Inferno Canto XXXII (the Ninth Circle, First Ring Caina: Traitors to their Kin, Second Ring Antenora: Traitors to their Homeland or Party)

[Dante to Bocca degli Abati]: "I am alive, and can be precious to you
if you want fame," was my reply, "for I
can set your name among my other notes."
And he to me: "I want the contrary;
so go away and do not harass me –
your flattery is useless in this valley."
At that I grabbed him by the scruff and said:
"You’ll have to name yourself to me
or else you won’t have even one hair left up here."
And he to me: "Though you should strip me bald,
I shall not tell you who I am or show it,
not if you pound my head a thousand times."
His hairs were wound around my hand already,
and I had plucked from him more than one tuft
while he was barking and his eyes stared down,
when someone else cried out: "What is it, Bocca?
Isn’t the music of your jaws enough
for you without your bark? What devil’s at you?"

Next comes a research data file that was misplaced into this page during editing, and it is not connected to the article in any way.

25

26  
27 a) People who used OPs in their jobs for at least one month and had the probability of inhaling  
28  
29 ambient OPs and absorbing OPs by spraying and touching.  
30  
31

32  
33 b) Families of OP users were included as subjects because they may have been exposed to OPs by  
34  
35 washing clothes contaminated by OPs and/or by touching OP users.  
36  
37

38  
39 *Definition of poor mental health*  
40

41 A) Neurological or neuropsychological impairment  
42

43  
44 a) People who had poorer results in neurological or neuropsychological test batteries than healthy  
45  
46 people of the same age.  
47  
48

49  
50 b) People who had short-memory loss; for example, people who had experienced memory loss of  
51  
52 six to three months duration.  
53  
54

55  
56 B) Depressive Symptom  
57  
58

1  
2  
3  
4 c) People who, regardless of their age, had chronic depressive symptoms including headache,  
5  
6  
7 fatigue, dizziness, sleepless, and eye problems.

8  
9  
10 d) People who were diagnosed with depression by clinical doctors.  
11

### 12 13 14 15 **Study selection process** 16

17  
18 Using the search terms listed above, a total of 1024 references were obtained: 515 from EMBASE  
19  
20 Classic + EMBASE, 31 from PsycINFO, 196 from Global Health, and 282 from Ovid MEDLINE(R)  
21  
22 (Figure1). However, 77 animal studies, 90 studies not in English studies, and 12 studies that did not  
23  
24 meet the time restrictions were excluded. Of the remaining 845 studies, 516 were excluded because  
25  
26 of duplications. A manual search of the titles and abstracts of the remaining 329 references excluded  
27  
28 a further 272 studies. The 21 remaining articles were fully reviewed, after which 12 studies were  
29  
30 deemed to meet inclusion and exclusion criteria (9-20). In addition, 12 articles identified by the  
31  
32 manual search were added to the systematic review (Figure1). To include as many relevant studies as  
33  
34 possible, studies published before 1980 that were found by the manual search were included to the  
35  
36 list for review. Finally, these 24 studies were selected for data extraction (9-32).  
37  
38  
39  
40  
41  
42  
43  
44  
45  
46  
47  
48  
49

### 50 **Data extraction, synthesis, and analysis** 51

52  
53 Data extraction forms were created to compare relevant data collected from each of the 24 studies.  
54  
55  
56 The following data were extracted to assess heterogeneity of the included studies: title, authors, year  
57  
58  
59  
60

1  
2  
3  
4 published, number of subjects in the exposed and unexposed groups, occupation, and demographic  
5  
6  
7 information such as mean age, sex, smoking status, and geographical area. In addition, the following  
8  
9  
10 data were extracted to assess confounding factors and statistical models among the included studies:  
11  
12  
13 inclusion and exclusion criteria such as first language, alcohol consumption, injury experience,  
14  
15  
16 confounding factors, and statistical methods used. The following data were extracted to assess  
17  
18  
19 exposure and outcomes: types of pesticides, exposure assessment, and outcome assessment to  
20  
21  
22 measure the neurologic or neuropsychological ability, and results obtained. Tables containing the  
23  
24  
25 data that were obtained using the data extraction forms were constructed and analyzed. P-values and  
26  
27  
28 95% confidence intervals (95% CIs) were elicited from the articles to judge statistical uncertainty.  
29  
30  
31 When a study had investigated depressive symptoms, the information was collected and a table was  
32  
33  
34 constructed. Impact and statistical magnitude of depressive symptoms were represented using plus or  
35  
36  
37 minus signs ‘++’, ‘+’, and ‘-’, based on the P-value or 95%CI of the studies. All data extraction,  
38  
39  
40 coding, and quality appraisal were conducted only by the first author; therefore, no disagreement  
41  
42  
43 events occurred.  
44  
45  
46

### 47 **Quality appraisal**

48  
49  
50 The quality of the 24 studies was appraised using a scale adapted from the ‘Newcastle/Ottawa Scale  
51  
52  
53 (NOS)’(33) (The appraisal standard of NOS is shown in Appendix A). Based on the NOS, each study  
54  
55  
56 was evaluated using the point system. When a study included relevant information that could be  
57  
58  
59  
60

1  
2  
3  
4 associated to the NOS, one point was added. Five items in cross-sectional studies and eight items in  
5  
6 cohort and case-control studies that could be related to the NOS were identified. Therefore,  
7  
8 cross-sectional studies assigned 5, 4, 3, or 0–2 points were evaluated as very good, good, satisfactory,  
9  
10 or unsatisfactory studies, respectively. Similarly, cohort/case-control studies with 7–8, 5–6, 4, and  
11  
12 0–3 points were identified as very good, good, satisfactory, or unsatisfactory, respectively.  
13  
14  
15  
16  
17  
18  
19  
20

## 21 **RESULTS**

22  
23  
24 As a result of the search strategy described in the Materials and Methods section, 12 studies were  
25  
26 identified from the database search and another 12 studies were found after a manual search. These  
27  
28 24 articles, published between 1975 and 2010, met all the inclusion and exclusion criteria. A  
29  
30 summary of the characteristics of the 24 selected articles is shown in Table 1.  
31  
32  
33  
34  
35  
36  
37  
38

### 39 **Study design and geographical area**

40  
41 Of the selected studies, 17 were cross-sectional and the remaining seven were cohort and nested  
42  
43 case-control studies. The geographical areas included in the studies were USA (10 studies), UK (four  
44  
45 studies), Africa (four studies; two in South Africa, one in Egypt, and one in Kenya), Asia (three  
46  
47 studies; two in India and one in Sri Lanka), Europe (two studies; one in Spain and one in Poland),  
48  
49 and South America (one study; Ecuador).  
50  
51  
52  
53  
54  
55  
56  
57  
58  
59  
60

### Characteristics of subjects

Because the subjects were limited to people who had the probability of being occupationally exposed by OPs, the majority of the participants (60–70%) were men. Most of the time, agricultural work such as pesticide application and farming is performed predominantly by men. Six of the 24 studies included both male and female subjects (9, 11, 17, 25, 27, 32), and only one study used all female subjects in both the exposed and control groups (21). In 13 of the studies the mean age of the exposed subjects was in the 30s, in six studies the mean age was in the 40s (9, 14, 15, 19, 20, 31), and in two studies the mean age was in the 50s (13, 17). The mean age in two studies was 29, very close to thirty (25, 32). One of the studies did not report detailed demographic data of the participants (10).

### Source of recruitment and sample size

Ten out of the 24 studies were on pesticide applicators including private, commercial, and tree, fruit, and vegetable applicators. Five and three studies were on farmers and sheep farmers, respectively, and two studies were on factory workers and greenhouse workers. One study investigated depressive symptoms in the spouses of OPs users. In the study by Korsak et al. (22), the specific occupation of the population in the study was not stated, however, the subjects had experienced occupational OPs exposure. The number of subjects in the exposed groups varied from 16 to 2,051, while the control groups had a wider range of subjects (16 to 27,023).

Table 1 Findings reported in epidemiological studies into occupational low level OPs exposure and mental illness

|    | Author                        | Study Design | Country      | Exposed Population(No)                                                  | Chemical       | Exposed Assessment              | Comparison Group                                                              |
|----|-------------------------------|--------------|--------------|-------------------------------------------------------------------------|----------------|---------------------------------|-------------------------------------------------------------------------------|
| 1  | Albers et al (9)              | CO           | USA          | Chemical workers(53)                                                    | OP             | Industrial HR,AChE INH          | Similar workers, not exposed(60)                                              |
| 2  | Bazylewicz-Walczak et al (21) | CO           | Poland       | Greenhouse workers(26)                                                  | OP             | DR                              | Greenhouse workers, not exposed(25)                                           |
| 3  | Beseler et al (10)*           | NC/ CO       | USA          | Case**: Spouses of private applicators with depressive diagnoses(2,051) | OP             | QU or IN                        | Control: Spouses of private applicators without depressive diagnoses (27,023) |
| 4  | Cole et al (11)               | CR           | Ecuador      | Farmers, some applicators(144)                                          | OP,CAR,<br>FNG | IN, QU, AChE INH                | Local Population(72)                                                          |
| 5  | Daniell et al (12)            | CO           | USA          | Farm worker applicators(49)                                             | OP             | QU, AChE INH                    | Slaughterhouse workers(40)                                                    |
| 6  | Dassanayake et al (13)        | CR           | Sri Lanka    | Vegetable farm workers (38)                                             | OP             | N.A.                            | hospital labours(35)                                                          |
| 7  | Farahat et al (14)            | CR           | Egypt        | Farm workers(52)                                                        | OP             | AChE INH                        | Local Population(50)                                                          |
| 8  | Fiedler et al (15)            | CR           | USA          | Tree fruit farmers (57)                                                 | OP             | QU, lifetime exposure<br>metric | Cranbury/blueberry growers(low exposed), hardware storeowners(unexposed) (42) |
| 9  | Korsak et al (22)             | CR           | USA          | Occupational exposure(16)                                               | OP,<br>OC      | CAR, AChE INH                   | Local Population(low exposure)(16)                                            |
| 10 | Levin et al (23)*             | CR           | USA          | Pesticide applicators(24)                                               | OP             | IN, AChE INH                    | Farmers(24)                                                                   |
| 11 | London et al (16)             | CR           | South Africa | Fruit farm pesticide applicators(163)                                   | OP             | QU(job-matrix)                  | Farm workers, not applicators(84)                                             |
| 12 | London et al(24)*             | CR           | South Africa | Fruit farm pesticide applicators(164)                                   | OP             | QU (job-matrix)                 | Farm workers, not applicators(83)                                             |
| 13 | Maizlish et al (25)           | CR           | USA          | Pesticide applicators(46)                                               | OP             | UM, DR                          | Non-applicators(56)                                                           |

"And now," I said, "you traitor bent on evil,
I do not need your talk, for I shall carry
true news of you, and that will bring you shame."
"Be off," he answered; "tell them what you like…" (Inf. XXXII, 91-112)

Bocca is the only sinner unimpressed by Dante’s offer to keep his memory alive in the mortal world. Here is a sinner so corrupt that he cares little what happens to his good name simply because he has none; it has already been irreparably besmirched by his well-known betrayal to his country. However, his indifference brings out a different and frightening side of Dante, proving – to some extent – that our poet has never had any intention of bringing glory to the sinners. Indeed, when provoked by Bocca, Dante threatens to do quite the opposite: to "carry / true news of you, and…bring you shame."